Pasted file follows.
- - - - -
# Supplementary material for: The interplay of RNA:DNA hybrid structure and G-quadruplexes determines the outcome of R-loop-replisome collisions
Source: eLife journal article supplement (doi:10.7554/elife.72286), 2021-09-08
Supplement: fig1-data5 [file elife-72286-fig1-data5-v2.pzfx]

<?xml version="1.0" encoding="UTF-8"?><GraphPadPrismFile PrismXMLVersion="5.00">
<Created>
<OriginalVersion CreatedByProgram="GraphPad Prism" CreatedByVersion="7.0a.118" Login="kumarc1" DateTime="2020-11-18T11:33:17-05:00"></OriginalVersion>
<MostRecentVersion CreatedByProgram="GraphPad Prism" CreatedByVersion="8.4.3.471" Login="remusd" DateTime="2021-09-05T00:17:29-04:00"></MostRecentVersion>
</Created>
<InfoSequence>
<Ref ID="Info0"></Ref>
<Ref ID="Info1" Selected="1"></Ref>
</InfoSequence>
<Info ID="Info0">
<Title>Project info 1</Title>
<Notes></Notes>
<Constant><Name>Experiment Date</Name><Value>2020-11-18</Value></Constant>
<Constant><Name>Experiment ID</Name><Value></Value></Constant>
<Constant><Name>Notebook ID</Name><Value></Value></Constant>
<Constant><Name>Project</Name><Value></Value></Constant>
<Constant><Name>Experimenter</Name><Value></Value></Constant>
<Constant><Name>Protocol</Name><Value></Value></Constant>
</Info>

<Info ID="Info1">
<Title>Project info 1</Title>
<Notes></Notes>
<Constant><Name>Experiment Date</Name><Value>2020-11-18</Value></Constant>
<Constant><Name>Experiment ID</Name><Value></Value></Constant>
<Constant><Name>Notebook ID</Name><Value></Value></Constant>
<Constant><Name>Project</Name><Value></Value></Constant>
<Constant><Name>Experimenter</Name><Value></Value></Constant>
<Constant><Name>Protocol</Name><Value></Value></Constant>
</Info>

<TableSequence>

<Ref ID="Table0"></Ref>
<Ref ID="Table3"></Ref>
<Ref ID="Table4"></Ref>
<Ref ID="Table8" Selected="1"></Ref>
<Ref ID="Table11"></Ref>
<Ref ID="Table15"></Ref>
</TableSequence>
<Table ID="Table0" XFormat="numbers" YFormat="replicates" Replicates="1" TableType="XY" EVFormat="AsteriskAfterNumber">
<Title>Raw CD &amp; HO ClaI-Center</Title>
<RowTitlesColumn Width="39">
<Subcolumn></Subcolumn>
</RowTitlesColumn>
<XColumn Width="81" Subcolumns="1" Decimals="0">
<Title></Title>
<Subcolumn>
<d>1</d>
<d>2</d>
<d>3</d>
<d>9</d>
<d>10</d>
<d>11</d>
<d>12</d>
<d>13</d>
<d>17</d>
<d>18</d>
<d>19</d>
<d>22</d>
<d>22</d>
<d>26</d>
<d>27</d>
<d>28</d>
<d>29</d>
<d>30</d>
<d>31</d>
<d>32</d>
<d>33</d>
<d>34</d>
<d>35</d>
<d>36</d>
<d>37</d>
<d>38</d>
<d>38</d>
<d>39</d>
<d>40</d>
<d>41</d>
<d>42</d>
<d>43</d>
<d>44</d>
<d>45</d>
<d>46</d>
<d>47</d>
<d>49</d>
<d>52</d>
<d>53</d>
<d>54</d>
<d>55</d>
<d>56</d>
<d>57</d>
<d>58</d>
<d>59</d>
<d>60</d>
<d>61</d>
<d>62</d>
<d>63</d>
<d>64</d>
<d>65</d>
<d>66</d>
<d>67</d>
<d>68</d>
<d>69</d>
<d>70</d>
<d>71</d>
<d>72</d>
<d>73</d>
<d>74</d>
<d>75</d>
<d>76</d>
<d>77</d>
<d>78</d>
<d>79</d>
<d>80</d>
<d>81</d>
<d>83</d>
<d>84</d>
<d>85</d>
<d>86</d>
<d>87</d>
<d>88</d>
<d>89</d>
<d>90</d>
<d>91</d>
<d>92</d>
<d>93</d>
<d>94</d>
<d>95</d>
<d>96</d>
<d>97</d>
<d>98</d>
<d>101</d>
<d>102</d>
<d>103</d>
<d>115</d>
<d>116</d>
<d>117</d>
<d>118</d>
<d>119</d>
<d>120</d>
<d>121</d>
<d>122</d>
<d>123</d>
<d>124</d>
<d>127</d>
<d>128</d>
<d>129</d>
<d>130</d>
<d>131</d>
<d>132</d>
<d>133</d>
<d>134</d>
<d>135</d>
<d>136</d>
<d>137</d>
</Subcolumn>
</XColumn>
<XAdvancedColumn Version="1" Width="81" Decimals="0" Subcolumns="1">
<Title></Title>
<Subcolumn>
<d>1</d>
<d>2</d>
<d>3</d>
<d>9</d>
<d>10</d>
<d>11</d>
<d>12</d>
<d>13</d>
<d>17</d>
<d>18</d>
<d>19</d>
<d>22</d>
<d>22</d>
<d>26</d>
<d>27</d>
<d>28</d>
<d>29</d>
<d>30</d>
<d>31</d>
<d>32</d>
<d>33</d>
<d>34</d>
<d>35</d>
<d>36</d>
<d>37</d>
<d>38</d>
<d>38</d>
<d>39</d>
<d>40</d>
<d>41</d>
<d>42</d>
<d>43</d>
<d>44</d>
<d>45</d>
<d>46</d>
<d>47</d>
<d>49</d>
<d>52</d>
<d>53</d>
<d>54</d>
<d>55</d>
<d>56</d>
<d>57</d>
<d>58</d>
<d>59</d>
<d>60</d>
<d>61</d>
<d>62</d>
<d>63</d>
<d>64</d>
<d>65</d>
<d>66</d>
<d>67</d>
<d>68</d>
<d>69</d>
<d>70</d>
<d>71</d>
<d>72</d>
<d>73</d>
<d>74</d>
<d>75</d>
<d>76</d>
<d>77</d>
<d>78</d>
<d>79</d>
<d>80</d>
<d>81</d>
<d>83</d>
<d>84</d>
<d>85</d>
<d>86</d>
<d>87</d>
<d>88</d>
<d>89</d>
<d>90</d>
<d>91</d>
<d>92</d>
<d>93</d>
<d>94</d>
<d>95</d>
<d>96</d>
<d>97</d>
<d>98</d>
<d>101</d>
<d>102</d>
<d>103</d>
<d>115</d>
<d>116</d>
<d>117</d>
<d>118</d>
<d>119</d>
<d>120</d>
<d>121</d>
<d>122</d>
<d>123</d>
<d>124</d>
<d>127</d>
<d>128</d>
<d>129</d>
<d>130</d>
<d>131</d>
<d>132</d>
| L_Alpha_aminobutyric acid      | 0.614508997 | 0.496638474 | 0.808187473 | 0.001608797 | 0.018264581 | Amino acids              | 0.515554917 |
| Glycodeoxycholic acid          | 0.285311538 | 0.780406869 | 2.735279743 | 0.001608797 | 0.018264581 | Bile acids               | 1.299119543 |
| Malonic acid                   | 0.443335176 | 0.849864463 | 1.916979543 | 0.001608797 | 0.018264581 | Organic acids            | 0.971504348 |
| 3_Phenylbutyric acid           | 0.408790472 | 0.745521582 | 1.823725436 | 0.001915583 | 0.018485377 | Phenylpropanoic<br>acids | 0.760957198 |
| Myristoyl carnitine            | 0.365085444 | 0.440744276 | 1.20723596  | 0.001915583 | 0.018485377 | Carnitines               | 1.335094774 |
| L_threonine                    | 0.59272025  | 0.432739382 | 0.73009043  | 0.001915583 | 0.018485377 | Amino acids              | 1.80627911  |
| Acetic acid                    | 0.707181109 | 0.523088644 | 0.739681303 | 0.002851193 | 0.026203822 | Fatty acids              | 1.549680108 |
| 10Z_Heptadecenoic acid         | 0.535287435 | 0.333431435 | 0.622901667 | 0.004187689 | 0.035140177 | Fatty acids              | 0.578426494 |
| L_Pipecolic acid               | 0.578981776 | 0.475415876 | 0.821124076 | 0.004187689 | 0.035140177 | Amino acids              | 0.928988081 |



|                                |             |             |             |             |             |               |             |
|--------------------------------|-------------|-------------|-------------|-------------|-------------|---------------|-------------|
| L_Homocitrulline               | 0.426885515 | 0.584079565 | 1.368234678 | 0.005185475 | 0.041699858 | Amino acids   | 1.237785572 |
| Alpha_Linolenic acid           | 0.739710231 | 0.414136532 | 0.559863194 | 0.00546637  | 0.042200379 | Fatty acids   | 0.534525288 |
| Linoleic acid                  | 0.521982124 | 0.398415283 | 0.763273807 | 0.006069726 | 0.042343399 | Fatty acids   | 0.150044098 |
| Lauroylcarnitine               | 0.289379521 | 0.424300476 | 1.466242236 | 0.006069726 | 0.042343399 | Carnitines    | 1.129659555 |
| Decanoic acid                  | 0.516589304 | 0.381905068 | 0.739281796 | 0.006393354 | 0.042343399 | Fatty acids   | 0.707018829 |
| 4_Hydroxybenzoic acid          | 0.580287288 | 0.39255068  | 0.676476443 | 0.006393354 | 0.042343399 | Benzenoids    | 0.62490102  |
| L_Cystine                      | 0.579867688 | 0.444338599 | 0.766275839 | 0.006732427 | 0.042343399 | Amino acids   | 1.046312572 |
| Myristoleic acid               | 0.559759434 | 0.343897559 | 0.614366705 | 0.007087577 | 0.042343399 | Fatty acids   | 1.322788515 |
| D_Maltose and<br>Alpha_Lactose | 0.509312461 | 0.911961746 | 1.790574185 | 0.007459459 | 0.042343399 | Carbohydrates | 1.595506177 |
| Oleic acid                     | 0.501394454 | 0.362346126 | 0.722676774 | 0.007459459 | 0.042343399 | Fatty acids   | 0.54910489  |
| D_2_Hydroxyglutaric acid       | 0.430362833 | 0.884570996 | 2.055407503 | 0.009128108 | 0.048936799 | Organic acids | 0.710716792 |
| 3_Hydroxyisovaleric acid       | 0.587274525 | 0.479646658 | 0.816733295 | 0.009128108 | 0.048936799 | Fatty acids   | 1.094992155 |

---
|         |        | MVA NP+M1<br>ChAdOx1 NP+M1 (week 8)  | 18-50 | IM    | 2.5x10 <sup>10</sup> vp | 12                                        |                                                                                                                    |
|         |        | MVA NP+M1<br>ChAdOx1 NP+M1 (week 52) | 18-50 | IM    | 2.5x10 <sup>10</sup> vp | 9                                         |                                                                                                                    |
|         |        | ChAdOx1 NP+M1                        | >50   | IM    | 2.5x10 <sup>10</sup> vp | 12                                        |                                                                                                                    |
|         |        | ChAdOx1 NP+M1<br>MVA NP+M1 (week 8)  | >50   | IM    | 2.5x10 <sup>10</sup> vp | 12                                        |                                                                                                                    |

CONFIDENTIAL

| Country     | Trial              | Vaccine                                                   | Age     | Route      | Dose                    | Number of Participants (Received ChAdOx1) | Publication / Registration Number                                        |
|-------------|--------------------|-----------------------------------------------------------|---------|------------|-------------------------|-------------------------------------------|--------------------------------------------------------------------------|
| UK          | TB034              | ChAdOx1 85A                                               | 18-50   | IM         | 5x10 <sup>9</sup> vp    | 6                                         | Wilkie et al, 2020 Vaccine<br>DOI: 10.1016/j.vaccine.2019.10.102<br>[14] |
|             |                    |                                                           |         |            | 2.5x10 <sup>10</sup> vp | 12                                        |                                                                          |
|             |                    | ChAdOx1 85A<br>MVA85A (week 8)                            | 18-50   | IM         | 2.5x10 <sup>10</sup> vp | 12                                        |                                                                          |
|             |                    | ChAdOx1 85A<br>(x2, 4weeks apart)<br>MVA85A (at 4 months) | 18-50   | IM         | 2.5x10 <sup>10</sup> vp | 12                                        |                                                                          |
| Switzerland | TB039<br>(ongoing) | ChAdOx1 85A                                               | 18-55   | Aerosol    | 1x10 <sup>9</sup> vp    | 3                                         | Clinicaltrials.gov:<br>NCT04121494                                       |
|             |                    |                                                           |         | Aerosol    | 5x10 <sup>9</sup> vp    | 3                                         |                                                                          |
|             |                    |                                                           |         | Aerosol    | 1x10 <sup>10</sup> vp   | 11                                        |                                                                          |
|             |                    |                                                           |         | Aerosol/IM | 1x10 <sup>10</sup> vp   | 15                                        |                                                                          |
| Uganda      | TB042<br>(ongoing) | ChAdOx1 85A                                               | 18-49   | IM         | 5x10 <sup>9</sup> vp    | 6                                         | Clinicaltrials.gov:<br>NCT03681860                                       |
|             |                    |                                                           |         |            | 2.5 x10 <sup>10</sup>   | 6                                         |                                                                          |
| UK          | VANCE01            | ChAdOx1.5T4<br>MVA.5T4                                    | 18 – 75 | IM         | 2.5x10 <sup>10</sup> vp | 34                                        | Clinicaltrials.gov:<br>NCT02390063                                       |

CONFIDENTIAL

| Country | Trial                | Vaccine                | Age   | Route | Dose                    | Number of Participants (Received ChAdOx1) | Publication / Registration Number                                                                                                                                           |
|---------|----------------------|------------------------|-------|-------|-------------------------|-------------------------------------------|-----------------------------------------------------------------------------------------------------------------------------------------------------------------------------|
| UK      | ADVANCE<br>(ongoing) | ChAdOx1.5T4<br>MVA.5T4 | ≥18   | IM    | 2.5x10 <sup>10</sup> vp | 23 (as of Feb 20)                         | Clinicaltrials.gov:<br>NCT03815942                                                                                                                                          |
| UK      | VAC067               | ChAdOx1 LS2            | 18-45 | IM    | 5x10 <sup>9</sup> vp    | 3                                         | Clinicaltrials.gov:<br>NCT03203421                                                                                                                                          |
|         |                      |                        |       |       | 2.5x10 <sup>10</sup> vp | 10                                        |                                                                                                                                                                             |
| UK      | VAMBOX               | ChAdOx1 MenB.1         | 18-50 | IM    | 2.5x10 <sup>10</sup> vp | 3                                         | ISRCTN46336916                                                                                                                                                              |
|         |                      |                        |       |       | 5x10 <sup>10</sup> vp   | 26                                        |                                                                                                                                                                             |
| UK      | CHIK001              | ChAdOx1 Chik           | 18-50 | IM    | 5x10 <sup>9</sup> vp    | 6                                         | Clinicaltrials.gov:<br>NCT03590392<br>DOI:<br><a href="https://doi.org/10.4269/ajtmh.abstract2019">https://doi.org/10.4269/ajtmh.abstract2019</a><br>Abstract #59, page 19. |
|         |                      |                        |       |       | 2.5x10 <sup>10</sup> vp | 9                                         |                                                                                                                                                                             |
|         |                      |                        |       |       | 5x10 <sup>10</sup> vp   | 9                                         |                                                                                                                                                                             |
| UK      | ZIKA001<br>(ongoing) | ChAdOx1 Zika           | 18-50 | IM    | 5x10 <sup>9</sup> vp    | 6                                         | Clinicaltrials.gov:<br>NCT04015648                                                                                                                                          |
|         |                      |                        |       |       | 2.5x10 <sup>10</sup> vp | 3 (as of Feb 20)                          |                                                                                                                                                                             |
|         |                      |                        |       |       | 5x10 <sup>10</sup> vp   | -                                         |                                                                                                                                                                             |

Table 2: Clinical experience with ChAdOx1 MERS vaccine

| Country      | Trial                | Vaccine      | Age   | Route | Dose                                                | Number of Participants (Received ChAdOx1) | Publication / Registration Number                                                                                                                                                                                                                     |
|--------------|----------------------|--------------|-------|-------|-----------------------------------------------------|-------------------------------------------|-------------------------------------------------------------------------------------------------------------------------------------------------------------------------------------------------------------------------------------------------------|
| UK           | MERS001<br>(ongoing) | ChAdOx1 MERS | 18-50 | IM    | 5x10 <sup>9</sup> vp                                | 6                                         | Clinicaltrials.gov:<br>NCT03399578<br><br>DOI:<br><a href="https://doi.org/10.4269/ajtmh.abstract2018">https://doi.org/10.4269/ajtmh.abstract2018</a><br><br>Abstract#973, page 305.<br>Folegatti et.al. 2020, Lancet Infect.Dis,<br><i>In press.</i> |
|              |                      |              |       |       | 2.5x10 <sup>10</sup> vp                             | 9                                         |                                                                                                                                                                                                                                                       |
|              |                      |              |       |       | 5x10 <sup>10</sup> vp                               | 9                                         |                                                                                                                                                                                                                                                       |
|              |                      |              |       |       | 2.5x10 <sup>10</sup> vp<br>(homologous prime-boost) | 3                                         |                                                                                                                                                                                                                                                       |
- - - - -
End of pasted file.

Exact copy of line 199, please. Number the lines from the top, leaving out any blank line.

<d>53</d>